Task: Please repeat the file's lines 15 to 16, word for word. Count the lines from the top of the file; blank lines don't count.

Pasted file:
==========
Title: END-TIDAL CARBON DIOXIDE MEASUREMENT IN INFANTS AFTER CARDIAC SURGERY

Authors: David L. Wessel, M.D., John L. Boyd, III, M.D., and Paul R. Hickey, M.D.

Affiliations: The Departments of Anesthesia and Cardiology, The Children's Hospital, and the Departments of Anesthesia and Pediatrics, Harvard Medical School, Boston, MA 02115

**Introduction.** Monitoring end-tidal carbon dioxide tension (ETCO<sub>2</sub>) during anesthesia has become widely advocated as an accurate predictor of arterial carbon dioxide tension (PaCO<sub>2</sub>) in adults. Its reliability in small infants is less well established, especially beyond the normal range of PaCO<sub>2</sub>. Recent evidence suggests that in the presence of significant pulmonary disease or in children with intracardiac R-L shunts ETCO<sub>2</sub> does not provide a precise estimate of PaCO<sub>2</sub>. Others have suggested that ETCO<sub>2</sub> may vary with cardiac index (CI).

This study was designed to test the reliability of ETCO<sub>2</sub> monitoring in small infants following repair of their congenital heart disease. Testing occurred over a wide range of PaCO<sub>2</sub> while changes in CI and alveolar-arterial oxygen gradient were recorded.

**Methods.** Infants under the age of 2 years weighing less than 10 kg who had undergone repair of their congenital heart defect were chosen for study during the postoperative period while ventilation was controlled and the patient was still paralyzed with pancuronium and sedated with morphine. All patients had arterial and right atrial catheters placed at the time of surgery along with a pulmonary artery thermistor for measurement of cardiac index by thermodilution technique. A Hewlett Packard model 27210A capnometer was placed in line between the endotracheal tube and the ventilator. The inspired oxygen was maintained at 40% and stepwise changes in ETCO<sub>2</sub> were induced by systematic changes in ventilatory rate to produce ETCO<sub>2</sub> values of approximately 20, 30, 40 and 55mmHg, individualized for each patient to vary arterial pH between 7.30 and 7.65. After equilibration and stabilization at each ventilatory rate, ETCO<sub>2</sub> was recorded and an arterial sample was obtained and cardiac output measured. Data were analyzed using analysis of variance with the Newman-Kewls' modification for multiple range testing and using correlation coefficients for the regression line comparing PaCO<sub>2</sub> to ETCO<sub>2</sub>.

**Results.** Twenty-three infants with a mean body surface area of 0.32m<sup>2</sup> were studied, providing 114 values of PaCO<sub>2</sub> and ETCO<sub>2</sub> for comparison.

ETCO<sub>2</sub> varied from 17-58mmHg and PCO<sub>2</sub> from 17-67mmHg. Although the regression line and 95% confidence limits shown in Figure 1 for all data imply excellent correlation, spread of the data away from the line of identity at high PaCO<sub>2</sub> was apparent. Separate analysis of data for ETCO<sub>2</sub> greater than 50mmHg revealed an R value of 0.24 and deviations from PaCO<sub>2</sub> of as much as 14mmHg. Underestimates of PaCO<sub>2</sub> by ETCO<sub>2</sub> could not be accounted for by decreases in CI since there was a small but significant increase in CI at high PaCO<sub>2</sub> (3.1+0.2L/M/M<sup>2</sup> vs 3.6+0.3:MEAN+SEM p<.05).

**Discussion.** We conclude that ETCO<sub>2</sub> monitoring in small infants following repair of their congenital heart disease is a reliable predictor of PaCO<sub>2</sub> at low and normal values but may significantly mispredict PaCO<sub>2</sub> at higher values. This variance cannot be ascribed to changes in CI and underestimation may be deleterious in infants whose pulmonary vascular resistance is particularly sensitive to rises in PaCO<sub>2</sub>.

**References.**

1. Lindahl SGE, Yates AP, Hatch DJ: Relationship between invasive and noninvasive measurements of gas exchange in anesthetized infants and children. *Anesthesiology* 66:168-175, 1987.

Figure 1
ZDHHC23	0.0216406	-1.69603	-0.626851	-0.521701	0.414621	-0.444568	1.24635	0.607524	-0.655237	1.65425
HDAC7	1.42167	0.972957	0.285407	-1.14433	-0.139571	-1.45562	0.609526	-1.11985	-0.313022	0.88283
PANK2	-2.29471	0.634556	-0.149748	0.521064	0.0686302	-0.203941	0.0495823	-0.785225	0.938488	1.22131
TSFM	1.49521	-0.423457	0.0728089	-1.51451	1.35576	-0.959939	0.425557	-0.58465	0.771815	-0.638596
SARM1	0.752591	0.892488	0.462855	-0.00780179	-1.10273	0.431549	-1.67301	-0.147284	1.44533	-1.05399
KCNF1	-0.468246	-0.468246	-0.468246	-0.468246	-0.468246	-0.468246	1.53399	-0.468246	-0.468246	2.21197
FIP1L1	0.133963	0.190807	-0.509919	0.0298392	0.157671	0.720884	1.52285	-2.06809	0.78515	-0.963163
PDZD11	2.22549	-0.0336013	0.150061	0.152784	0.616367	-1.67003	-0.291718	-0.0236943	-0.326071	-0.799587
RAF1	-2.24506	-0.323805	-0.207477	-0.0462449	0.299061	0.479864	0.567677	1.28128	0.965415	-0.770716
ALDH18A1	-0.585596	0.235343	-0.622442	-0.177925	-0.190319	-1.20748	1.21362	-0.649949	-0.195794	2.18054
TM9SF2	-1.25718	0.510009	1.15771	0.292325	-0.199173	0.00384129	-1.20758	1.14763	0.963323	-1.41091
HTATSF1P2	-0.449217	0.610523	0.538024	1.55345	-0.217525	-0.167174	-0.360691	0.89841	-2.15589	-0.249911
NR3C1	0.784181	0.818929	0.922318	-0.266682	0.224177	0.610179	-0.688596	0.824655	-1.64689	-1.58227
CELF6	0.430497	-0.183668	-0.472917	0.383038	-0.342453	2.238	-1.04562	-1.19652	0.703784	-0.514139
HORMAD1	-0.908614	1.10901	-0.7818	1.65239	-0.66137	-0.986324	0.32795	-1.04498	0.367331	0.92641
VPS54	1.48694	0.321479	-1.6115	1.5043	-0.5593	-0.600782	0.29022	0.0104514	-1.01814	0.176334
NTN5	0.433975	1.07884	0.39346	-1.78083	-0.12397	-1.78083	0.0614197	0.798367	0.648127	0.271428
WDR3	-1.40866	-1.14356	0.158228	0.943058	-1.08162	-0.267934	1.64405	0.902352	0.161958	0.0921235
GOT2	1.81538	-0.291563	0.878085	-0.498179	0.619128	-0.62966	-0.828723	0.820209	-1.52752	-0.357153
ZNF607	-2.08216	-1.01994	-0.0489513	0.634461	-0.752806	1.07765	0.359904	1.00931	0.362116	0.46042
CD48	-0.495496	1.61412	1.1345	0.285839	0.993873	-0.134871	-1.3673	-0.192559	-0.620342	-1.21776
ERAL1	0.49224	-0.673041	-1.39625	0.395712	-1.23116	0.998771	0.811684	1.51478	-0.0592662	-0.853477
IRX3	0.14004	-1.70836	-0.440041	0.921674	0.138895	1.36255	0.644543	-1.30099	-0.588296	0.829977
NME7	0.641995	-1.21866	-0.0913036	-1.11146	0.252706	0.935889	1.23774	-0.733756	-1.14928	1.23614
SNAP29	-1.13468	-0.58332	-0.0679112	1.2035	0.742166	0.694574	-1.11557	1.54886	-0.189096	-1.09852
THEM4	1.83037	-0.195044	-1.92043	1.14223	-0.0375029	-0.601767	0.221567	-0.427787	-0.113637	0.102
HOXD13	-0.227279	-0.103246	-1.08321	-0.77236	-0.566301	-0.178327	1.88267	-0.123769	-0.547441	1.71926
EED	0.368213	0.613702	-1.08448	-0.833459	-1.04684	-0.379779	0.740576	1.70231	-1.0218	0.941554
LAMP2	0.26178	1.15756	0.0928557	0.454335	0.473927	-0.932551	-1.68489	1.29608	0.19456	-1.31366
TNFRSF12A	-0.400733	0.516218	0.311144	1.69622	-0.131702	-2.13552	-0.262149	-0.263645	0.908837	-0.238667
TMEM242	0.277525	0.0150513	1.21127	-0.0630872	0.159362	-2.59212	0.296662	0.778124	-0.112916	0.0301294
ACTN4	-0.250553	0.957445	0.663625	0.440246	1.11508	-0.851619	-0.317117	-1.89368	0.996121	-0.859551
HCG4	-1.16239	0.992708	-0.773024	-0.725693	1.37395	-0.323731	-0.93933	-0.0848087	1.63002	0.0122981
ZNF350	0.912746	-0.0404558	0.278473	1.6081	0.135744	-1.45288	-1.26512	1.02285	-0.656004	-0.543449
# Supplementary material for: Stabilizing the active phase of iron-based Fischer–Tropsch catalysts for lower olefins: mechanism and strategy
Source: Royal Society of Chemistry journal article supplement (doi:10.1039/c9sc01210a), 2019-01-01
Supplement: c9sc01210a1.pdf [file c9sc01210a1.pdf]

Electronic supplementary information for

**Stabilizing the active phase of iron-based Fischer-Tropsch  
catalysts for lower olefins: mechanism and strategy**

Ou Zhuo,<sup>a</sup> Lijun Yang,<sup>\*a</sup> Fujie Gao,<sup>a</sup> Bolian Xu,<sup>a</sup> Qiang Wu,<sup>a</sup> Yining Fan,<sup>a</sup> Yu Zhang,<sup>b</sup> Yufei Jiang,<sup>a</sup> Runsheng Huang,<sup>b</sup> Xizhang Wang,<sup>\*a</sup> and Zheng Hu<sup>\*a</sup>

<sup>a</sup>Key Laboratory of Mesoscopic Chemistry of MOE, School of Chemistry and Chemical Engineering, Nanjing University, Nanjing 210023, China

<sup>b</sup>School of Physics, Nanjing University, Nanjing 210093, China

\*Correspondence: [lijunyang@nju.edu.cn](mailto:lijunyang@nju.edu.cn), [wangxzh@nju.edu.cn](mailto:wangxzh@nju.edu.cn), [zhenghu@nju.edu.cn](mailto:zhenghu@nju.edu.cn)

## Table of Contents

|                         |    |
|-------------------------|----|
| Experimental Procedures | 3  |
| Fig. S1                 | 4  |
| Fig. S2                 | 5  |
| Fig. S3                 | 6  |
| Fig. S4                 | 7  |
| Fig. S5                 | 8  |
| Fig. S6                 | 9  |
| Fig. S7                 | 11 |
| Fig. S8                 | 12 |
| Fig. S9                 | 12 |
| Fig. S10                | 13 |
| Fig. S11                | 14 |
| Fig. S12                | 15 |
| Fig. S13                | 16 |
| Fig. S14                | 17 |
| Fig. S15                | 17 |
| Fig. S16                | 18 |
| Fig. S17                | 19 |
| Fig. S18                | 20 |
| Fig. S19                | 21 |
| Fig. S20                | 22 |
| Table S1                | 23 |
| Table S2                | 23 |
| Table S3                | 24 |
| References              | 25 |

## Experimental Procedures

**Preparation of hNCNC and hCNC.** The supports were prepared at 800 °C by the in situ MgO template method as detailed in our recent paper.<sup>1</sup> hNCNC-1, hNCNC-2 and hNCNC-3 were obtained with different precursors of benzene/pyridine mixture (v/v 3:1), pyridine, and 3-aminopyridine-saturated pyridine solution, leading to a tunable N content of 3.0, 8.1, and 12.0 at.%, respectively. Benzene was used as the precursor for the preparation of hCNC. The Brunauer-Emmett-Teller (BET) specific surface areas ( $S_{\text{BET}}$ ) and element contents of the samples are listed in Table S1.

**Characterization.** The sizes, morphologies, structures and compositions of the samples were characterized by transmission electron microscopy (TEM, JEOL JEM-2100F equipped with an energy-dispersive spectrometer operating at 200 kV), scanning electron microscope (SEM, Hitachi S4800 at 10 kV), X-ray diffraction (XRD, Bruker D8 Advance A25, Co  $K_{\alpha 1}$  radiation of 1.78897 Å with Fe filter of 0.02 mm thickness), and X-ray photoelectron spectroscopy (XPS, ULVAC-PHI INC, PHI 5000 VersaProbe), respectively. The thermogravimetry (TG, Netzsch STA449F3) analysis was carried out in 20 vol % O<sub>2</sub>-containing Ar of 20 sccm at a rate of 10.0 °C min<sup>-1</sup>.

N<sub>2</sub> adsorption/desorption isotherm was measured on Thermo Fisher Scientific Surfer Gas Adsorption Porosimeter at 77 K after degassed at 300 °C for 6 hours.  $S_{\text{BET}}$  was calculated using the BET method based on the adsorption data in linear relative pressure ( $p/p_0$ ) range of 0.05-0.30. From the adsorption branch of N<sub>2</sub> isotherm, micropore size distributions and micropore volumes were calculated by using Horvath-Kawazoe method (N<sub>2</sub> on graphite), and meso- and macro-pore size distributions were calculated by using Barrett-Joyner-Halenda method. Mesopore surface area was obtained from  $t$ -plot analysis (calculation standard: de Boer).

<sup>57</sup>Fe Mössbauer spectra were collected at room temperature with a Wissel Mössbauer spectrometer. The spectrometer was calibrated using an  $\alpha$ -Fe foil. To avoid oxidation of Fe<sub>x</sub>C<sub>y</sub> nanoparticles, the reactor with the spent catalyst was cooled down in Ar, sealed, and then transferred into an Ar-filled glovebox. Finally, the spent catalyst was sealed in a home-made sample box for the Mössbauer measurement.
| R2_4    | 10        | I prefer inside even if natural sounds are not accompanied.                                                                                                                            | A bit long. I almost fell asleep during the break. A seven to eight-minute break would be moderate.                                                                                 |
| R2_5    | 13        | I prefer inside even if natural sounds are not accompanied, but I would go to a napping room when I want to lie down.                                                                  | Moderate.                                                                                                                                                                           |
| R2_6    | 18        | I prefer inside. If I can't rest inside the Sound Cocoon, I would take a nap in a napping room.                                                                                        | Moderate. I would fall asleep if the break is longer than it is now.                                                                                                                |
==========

PANK2	-2.29471	0.634556	-0.149748	0.521064	0.0686302	-0.203941	0.0495823	-0.785225	0.938488	1.22131
TSFM	1.49521	-0.423457	0.0728089	-1.51451	1.35576	-0.959939	0.425557	-0.58465	0.771815	-0.638596